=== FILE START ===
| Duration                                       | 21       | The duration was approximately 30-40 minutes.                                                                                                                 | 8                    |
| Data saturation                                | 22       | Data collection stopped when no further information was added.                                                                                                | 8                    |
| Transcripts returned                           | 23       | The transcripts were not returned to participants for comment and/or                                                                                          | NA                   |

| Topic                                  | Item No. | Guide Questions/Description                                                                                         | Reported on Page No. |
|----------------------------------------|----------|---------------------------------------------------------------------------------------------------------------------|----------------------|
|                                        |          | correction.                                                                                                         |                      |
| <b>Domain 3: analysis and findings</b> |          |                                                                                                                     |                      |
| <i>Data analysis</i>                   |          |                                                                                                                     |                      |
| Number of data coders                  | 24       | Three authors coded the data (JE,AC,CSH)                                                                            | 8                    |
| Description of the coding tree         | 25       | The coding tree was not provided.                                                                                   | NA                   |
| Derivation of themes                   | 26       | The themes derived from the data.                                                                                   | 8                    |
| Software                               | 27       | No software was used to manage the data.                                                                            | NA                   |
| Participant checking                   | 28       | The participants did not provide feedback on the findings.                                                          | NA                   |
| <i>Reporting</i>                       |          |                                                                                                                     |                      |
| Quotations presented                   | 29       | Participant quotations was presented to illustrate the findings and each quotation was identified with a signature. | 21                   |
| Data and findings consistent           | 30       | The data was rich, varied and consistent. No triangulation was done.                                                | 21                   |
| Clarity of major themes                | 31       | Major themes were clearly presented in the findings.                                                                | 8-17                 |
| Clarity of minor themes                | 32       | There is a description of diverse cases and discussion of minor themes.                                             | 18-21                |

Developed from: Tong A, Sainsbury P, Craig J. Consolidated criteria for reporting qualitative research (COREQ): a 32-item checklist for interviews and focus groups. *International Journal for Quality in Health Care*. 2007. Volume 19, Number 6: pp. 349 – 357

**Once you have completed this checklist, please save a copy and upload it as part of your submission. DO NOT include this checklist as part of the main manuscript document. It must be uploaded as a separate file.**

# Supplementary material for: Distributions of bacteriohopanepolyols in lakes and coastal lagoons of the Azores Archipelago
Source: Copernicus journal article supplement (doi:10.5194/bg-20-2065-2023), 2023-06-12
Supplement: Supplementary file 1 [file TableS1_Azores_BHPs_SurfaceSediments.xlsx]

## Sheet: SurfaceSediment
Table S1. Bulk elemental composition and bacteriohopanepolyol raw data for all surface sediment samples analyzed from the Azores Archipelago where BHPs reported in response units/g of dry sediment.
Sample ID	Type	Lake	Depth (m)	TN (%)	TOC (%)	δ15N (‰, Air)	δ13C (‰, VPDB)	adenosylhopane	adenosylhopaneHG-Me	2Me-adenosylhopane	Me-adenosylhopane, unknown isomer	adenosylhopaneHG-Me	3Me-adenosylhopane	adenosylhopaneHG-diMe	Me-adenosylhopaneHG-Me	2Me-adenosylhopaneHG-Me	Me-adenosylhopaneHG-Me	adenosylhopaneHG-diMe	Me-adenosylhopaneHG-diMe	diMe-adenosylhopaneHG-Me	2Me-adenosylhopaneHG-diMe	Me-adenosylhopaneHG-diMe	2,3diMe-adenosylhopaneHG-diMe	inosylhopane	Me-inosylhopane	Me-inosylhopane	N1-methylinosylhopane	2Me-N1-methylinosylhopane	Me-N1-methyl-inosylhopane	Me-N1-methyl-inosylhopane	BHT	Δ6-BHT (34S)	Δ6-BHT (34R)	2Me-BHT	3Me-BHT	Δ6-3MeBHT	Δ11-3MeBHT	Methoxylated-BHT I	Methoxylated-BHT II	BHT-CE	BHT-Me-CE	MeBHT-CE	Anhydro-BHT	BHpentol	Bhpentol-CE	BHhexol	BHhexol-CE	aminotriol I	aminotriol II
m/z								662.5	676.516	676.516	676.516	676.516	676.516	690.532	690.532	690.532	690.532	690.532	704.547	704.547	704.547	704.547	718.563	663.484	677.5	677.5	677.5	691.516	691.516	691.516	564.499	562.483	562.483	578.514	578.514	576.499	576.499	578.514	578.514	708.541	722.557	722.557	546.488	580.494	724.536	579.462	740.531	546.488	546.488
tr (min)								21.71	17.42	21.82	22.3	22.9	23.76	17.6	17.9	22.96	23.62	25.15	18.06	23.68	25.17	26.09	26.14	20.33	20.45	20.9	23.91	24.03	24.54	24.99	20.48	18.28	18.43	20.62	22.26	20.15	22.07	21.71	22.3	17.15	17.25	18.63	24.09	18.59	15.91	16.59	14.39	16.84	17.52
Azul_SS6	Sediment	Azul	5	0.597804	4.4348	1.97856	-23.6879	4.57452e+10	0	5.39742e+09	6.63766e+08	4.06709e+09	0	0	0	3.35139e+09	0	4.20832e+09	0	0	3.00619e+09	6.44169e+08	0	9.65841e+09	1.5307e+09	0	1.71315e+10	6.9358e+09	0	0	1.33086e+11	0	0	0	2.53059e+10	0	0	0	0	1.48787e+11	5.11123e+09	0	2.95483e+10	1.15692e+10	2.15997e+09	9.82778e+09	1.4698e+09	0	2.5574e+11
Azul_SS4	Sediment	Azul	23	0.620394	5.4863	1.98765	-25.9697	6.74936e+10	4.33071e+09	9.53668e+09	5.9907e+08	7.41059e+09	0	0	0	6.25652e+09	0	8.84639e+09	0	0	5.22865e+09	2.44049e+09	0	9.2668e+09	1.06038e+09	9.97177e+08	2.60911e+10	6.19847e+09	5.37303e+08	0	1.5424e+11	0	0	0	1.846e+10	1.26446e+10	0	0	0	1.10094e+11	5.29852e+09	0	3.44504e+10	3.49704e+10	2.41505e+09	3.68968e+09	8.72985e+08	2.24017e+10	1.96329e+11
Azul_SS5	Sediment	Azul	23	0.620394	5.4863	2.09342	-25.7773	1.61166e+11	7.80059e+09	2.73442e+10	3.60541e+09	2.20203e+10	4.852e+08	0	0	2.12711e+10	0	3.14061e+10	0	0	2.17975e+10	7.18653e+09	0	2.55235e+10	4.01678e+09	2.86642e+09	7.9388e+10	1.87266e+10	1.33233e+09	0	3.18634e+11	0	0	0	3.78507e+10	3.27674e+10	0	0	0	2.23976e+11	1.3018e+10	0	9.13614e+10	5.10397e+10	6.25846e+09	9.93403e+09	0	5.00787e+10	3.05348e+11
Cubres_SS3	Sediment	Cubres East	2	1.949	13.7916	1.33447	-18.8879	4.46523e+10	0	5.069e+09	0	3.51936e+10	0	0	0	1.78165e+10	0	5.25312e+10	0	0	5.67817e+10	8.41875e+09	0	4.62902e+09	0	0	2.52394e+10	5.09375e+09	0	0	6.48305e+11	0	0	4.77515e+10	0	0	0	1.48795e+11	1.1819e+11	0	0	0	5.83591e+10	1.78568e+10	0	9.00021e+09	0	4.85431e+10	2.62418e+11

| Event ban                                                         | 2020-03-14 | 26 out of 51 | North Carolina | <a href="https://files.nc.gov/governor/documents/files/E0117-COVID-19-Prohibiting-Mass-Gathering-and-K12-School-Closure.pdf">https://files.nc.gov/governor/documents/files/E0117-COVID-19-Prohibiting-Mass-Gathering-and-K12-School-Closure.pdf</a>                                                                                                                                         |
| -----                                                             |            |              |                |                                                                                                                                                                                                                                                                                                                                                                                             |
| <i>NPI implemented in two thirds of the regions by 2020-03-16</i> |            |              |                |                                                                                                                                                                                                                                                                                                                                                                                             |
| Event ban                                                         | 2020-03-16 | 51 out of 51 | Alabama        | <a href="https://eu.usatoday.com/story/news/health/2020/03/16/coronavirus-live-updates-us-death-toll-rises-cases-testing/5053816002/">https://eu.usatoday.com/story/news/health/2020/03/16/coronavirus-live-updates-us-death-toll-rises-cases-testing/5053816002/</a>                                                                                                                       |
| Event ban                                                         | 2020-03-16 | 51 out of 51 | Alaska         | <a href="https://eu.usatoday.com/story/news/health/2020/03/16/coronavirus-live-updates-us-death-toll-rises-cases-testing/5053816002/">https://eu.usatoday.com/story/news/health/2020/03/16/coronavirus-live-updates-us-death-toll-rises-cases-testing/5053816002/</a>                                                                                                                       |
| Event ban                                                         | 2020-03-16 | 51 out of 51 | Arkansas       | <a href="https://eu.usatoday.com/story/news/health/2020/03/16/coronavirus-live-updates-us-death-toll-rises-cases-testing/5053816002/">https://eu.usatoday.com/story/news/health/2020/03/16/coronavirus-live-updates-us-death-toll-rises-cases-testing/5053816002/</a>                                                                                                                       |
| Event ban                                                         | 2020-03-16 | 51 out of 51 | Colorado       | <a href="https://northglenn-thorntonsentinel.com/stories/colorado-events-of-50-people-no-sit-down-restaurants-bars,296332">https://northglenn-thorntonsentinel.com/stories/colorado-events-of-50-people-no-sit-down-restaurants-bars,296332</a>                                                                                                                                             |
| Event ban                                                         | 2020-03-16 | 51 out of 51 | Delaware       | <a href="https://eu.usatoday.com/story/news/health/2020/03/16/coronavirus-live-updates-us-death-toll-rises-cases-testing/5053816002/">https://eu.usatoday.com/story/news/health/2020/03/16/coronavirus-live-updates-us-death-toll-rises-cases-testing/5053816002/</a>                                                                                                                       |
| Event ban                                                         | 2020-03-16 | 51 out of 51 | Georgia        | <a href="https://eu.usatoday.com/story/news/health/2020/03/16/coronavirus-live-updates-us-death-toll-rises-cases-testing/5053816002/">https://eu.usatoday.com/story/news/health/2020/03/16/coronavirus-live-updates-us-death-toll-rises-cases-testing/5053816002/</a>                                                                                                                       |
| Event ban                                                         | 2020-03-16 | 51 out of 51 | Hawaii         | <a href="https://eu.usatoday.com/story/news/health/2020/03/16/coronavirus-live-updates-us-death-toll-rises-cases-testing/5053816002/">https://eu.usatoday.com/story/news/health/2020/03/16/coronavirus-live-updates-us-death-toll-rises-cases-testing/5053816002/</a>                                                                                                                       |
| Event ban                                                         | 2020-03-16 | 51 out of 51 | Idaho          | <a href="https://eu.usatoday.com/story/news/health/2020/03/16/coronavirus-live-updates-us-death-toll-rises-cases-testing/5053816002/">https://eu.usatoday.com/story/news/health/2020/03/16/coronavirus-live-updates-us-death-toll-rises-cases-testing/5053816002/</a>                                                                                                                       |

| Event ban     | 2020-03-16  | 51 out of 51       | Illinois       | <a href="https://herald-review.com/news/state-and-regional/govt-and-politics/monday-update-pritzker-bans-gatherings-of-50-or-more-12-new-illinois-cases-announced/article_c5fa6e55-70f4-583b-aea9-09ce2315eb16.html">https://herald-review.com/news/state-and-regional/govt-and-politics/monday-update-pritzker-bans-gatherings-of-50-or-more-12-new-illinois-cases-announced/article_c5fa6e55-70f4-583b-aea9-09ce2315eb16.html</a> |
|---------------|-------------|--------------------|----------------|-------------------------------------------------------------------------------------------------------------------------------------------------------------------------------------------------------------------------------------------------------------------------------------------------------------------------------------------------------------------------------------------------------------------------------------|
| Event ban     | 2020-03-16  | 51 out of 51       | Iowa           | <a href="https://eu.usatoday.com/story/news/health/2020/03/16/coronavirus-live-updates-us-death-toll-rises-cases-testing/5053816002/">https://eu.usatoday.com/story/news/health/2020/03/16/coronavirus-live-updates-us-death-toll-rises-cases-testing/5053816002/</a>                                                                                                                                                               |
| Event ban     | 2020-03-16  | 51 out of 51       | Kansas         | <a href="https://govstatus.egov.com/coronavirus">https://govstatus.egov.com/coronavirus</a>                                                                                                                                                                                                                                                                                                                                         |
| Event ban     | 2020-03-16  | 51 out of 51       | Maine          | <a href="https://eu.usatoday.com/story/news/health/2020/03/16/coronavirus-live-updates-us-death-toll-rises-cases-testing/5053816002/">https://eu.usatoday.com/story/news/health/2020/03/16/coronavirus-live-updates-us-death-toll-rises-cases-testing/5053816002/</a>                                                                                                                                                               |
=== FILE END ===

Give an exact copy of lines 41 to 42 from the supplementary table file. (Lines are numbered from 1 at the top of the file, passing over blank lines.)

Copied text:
| Event ban                                                         | 2020-03-16 | 51 out of 51 | Georgia        | <a href="https://eu.usatoday.com/story/news/health/2020/03/16/coronavirus-live-updates-us-death-toll-rises-cases-testing/5053816002/">https://eu.usatoday.com/story/news/health/2020/03/16/coronavirus-live-updates-us-death-toll-rises-cases-testing/5053816002/</a>                                                                                                                       |
| Event ban                                                         | 2020-03-16 | 51 out of 51 | Hawaii         | <a href="https://eu.usatoday.com/story/news/health/2020/03/16/coronavirus-live-updates-us-death-toll-rises-cases-testing/5053816002/">https://eu.usatoday.com/story/news/health/2020/03/16/coronavirus-live-updates-us-death-toll-rises-cases-testing/5053816002/</a>                                                                                                                       |